Today: February 29, 2024

Salute

With a big sporting summer approaching and in the wake of Asif Kapadia’s inspired documentary Senna, one can expect to find a variety of sporting movie knock-offs coming to cinemas looking to make a quick buck.

With a big sporting summer approaching
and in the wake of Asif Kapadia’s inspired documentary Senna, one can expect to
find a variety of sporting movie knock-offs coming to cinemas looking to make a
quick buck.
Fortunately,
Salute isn’t one of them. An insightful, engaging and emotional look behind the
scenes of the black power salute at the 1968 Summer Olympics in Mexico, Salute
is a fascinating tale about when sports meets politics.

Those old enough
to remember, and even those who aren’t, will remember the explosive impact of
American 200 metre runners Tommie Smith
and John Carlos’ actions whilst on
the victory dais that summer. But what is less known is the actions of the
Australian runner Peter Norman,
whose silver medal achievement was convincingly overshadowed by the salute.
This is his story.

In a Summer and
era when civil rights battles were being fought all over the world, Smith and
Carlos’ actions were the culmination of extreme tensions. Director Matt Norman, the nephew of Peter
Norman, makes a valiant effort of framing the film in the context of the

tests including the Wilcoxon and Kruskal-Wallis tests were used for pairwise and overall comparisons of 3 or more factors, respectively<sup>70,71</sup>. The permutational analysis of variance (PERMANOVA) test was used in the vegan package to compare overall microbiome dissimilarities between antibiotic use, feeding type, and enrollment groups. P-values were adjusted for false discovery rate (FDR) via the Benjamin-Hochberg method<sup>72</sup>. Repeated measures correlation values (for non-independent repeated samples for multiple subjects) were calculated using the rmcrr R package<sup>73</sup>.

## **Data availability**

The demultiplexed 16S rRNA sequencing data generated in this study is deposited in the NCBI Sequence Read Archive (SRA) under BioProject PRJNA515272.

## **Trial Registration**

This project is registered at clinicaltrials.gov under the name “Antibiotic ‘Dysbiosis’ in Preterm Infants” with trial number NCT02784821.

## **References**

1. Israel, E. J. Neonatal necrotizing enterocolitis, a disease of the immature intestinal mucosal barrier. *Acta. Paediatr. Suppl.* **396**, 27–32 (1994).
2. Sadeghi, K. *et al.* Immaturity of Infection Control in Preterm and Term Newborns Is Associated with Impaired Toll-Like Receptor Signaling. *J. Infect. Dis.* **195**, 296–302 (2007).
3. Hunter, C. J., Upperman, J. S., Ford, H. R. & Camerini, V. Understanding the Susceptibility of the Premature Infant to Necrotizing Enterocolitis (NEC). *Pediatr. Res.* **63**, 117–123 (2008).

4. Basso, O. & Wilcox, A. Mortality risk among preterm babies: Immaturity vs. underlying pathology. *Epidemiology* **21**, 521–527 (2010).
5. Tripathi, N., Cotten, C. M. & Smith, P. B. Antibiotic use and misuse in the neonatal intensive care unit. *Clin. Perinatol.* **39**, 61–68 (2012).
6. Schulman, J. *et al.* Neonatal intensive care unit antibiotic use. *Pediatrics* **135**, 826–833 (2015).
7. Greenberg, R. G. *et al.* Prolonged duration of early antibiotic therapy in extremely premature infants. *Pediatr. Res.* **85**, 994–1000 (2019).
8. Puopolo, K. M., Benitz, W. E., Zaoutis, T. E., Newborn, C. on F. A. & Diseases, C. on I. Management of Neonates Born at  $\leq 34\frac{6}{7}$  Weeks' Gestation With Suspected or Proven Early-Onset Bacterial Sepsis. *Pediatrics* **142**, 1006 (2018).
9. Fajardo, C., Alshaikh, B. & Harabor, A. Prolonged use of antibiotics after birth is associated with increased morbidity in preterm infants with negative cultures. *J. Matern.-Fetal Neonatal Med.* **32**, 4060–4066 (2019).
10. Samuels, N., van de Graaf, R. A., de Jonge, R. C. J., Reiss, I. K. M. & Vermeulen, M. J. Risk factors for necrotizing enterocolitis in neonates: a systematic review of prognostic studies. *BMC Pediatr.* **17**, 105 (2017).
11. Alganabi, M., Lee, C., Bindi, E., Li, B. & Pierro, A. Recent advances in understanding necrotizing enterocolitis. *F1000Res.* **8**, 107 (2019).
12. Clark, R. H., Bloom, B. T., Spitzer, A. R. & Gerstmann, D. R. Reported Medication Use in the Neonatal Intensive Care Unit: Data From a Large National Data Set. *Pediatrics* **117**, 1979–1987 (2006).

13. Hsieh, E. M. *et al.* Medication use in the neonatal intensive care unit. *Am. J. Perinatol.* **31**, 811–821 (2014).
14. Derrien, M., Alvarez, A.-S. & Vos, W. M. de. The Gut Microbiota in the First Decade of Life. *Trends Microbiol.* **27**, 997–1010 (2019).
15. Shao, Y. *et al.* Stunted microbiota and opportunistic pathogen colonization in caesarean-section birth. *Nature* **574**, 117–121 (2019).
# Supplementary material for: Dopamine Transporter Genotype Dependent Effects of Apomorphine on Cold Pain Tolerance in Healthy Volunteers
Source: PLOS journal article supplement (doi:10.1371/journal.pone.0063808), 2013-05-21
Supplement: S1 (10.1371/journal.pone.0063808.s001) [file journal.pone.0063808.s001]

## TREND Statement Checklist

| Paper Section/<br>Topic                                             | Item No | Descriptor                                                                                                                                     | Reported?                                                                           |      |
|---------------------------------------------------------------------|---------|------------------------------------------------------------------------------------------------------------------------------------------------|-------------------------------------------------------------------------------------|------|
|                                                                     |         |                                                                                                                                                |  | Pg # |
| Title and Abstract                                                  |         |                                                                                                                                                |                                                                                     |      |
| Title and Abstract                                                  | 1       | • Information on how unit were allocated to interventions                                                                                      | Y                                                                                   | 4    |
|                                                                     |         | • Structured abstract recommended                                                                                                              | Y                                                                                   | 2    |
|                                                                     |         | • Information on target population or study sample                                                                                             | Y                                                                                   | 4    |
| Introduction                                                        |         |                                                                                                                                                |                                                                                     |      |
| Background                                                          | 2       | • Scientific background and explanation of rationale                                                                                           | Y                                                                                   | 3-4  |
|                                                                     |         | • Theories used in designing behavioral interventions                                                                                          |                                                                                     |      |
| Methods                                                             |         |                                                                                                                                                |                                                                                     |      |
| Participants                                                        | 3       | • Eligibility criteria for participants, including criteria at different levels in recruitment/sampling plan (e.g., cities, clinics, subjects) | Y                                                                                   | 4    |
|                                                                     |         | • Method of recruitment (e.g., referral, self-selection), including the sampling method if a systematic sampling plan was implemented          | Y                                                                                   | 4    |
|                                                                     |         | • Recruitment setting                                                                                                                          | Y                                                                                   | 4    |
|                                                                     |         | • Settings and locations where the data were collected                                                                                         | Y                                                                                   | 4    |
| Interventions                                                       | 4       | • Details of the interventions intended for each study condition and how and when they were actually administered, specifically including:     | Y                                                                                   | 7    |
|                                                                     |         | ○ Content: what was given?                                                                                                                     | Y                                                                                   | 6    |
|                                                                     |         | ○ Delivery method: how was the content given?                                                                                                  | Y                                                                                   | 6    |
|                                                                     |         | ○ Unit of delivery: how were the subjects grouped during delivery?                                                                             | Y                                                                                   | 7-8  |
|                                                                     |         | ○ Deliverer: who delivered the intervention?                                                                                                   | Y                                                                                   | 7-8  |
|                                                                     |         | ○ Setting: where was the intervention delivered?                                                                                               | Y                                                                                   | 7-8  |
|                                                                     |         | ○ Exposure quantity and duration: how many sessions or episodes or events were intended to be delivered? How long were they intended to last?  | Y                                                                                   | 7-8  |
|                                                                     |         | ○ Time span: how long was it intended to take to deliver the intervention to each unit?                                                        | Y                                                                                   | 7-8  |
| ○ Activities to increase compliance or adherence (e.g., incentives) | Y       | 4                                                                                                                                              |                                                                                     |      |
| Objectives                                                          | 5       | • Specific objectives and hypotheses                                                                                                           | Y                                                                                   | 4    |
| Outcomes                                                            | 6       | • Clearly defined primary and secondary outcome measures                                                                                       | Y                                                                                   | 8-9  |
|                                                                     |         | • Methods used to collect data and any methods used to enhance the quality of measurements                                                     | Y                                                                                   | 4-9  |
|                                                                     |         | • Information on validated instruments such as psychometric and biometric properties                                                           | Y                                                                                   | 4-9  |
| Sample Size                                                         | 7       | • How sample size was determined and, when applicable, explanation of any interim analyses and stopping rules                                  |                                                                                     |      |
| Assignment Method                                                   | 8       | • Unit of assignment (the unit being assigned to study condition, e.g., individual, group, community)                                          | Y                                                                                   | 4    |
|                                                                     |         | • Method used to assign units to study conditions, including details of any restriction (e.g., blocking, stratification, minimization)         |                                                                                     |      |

political and sociological turmoil of the time. The well-publicised racial
tensions within the U.S. Athletics team are made clear, while lesser-known
facts about Australia’s controversial White policy are also pointed out.

And it is Peter
Norman’s opposition to Australia’s immigrant policy that shapes political and
moral support of Smith and Carlos’. Many anecdotes follow about how the salute
came to pass and the two American athletes’ consultation with Norman about
their plan. As it turns out, Norman supported the cause in his own way by
donning an OPHR (Olympic Project for Human Rights) badge on the podium. The
consequences of which would ostracise him from future participation in
athletics.

Norman shows no
regret or anger, only comfort in the fact he felt it was the right thing to do
at that moment. Thankfully his side of that moment in history has now been
honoured.

Though the film
is particularly low budget and some of the interviews suffer from poor sound,
this is never to the detriment to the story at hand. The heart-warming humility
of Peter Norman is the shining light of the documentary. Softly spoken and
chokingly modest, Norman’s bravery was shadowed by his own self-deprecating
nature. And they say sport and politics should never be mixed.

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